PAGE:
Taitung City 台東市, the administrative capital of Taitung 台東, was my final destination on a multi-day bicycle tour around southern Taiwan 台灣 in the summer of 2015. Previously I shared words and photos from every day on the road so this post will act as something of an epilogue. Start at the beginning or read the last chapter to get up to speed—or treat this as a singular post about some of what I saw in an extra day of exploration around the most remote major city on the Taiwanese mainland.
Quán’ān Hall 全安堂 is a century-old building on Taiwan Boulevard 臺灣大道 not far from the old train station in Taichung 台中. Built in 1909 with red brick, reinforced concrete, and a Neo-Baroque style commonly attributed to Japanese architect Tatsuno Kingo 辰野金吾 (中文), it was a pharmacy for many decades, and more recently a bakery. A few years ago it was rebranded as the Taiwan Sun Cake Museum 台灣太陽餅博物館, which now operates a gift store on the ground floor and, beneath the exposed wooden beams of the restored rooftop on the second level, a cafe, event space, and interactive museum.
Liáncūn Tobacco Barn 鎌村菸樓 is a historic building on the rural outskirts of Fengyuan 豐原, Taichung 台中, and one of the last of its kind. Back in the tobacco industry heyday of the 1950s there were more than 100 tobacco barns in this small agricultural community. Almost all the others have been torn down or fallen into grave disrepair over the years but this one remains in surprisingly good condition, a testament to the upkeep of the owners, who still live inside. I haven’t had any luck sourcing credible historic information about this place—it isn’t an officially designated heritage property nor a tourist attraction—but I’d hazard a guess that it is at least 70 years old. I would have asked the old lady in the courtyard but she didn’t seem all that interested in having a chat—though she warmly granted permission to shoot these photographs when I asked permission.
Beidou 北斗 is home to the historic Far East Theater 遠東戲院 (pinyin: Yuǎndōng), originally built in 1955. Like most vintage theaters in Taiwan 台灣 it struggled through the home video era and eventually shut down in the late 1990s. Unlike many other cinemas of its generation it does not appear to have been subdivided into smaller theaters prior to going out of business. It was, however, converted for use as a karaoke bar or gambling den at some point, judging by what I observed during a recent visit. Nowadays the interior is used for nothing more than storage, particularly for a restaurant that has since colonized the area adjacent to the former ticket booth and entrance.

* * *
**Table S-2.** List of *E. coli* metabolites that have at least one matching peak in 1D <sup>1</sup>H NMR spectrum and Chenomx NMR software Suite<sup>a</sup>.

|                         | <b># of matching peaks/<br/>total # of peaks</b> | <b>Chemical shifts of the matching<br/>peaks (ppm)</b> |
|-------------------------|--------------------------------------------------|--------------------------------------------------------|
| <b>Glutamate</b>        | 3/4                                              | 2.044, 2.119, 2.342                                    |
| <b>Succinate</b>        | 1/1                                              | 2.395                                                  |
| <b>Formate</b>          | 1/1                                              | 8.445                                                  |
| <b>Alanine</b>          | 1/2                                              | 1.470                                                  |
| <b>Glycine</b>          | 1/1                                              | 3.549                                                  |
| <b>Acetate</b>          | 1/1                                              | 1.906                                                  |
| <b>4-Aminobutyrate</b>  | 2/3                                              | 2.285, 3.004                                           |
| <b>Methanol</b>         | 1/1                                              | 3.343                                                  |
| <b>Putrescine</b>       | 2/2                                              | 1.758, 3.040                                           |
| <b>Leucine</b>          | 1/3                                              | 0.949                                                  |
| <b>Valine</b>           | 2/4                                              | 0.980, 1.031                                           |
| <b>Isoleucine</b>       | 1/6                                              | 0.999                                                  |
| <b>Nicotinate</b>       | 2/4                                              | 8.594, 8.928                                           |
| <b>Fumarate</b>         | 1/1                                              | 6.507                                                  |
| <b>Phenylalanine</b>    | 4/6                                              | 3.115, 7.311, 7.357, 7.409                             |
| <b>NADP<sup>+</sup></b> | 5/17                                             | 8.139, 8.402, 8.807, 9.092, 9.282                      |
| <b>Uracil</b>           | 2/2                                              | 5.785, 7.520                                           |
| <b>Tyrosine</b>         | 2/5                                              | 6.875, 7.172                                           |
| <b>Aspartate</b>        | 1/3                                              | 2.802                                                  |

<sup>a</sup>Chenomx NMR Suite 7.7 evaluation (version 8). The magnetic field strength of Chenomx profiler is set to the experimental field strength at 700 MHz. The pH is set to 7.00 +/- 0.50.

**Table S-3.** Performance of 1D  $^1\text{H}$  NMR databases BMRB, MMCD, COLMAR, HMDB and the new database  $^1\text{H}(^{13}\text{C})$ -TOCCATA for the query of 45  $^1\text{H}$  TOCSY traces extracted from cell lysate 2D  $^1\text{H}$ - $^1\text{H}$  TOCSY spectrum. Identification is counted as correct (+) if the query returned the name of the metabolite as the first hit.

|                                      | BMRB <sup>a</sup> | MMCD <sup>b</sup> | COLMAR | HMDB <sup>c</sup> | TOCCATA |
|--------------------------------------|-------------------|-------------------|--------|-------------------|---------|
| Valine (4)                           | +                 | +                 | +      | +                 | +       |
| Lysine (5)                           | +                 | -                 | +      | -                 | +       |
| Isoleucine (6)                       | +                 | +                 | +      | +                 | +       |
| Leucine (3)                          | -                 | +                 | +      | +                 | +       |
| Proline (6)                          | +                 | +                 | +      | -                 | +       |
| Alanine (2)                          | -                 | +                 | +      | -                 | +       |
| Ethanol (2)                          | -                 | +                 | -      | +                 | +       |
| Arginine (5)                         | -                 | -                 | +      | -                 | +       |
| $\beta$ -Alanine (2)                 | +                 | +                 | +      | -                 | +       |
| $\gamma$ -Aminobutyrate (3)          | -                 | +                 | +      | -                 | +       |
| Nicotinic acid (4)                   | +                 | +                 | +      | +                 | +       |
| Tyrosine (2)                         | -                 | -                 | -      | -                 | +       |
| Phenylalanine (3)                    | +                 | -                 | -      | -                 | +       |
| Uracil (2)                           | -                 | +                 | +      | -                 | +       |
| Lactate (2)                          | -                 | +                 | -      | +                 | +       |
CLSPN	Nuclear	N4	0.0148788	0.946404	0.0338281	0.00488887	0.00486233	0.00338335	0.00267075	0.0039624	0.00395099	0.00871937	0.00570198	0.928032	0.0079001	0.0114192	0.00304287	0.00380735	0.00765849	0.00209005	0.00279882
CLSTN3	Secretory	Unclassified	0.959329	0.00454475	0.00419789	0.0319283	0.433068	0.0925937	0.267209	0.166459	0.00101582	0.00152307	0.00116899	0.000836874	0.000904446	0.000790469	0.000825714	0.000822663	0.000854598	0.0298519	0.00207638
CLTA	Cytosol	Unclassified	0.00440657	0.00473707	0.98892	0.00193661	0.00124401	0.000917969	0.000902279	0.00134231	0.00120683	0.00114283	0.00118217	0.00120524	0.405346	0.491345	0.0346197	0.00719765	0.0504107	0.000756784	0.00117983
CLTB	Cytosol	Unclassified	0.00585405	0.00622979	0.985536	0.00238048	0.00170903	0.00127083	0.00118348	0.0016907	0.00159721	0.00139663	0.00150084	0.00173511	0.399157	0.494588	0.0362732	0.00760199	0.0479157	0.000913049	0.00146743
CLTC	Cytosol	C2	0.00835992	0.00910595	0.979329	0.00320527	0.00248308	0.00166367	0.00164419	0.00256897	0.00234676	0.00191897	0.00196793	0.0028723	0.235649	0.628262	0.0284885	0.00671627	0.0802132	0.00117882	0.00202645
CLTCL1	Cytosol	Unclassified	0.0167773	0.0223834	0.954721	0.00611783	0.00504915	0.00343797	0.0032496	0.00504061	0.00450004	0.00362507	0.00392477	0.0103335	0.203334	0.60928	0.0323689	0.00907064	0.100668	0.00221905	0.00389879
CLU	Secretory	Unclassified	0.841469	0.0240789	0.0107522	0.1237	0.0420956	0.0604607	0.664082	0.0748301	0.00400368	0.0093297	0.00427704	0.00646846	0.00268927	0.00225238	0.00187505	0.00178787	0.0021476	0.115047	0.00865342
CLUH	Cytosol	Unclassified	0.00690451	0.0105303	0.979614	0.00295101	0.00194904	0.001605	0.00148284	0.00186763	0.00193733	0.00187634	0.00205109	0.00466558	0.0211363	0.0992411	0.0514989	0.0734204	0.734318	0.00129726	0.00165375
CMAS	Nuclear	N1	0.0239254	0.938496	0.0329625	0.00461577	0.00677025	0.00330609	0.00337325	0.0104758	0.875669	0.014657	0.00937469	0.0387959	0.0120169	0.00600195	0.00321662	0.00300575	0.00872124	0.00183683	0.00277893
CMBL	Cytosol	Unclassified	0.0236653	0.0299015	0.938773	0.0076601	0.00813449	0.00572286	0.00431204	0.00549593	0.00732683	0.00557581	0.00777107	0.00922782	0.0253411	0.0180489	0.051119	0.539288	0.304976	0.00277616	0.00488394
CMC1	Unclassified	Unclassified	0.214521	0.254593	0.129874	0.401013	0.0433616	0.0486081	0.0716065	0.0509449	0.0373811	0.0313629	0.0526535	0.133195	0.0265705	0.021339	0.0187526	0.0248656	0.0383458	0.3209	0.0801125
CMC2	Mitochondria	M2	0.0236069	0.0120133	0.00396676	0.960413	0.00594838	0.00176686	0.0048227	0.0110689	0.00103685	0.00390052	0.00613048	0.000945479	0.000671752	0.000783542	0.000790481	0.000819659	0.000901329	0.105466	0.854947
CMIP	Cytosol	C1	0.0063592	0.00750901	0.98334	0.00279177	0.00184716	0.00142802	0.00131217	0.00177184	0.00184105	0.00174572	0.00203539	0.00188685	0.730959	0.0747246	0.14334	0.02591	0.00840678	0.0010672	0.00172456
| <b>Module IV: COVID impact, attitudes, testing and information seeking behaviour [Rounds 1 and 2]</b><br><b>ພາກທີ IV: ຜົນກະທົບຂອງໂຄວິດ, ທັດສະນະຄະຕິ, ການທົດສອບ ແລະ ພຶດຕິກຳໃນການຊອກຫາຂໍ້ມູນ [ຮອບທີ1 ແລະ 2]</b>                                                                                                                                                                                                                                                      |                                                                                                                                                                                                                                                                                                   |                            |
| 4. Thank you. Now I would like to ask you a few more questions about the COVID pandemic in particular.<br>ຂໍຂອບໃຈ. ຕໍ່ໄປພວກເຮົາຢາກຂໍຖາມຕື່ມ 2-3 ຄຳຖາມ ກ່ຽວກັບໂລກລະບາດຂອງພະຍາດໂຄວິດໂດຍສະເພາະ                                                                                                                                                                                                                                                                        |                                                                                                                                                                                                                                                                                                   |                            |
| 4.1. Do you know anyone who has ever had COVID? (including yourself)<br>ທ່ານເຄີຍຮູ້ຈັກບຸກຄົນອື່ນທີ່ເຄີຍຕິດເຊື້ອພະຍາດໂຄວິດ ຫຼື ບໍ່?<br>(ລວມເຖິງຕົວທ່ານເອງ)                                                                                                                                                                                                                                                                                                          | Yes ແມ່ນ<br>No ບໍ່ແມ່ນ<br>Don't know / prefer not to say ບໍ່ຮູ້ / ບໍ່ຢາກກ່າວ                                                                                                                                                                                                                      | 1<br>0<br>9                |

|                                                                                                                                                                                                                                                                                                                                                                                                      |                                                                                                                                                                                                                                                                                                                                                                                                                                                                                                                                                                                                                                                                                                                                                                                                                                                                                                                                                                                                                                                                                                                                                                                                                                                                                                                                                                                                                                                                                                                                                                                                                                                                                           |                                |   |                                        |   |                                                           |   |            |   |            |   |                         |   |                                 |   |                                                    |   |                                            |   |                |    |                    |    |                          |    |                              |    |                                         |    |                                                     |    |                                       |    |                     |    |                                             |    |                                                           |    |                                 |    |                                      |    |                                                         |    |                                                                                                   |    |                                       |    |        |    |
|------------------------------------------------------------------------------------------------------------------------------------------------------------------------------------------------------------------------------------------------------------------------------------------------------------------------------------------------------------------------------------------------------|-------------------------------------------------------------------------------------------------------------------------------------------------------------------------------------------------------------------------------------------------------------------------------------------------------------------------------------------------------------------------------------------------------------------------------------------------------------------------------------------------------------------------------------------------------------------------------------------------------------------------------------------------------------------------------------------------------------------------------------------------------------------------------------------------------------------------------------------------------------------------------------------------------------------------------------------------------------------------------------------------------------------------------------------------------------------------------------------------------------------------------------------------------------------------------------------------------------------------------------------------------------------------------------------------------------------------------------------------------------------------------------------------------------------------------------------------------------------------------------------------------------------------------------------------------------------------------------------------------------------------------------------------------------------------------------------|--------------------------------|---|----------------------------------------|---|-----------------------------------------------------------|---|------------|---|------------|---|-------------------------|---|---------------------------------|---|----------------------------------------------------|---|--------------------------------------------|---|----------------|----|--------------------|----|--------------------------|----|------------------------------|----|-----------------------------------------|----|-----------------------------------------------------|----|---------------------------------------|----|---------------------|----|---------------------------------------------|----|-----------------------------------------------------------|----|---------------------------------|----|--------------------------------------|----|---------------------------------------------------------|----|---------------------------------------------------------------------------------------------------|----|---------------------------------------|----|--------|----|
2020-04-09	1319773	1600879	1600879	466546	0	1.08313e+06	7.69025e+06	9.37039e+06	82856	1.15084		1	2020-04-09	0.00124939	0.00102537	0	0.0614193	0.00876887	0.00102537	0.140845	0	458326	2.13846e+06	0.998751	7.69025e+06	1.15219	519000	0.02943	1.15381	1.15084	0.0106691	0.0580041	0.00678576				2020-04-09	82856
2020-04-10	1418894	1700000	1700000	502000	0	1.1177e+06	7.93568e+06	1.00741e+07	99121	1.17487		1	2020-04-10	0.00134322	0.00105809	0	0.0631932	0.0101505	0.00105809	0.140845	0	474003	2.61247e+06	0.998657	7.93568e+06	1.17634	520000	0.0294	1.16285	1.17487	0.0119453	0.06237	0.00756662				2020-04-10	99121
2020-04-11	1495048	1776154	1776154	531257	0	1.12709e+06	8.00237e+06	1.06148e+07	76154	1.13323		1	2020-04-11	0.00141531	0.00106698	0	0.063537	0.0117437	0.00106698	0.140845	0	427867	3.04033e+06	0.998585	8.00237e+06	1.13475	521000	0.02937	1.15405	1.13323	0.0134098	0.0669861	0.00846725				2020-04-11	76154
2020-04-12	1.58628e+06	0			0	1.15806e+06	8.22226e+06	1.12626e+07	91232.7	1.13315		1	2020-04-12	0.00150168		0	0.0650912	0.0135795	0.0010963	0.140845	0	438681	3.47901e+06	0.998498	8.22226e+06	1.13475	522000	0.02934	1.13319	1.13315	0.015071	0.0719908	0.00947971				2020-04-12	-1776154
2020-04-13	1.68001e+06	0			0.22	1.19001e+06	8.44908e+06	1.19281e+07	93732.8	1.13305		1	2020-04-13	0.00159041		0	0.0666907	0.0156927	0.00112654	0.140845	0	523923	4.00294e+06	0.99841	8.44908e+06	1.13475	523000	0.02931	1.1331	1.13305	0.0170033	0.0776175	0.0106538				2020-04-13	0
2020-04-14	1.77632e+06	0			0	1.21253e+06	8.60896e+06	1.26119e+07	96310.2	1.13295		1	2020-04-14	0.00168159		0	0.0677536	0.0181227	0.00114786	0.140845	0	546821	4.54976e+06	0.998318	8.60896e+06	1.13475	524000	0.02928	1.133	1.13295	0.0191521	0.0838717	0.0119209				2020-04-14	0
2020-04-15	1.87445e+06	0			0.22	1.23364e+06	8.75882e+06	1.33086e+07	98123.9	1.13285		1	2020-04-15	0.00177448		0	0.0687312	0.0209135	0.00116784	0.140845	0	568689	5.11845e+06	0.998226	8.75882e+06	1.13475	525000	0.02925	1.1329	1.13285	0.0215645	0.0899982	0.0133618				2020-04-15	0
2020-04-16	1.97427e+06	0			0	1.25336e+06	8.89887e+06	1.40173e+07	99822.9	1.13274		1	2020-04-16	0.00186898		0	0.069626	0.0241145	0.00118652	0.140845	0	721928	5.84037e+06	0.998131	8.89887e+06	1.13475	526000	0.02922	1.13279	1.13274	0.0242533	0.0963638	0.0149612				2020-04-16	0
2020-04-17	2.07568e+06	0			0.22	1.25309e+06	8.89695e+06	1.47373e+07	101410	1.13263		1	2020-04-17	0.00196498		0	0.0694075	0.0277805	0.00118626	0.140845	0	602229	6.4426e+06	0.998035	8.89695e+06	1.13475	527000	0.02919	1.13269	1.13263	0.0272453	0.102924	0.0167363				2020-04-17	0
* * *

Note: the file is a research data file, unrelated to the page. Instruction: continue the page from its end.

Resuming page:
In late November of last year I was riding through southern Changhua 彰化 on my way to Beidou 北斗 when I noticed an unusually old building at the side of the highway. With a little research I puzzled out this is the obscure Bāfēn Catholic Church 八分天主堂, a parish dating back to 1906 and located in Méizhōu Village 梅州里 on the western outskirts of Tianzhong 田中. I haven’t found any primary source material establishing its age—but the style of the church reminds me of Zhongshan Hall 中山堂 (originally Ershui Public Hall 二水公會堂) in neighbouring Ershui 二水, originally built during the Japanese colonial era in 1930. At a glance I would guess it was built sometime between 1940 and 1960.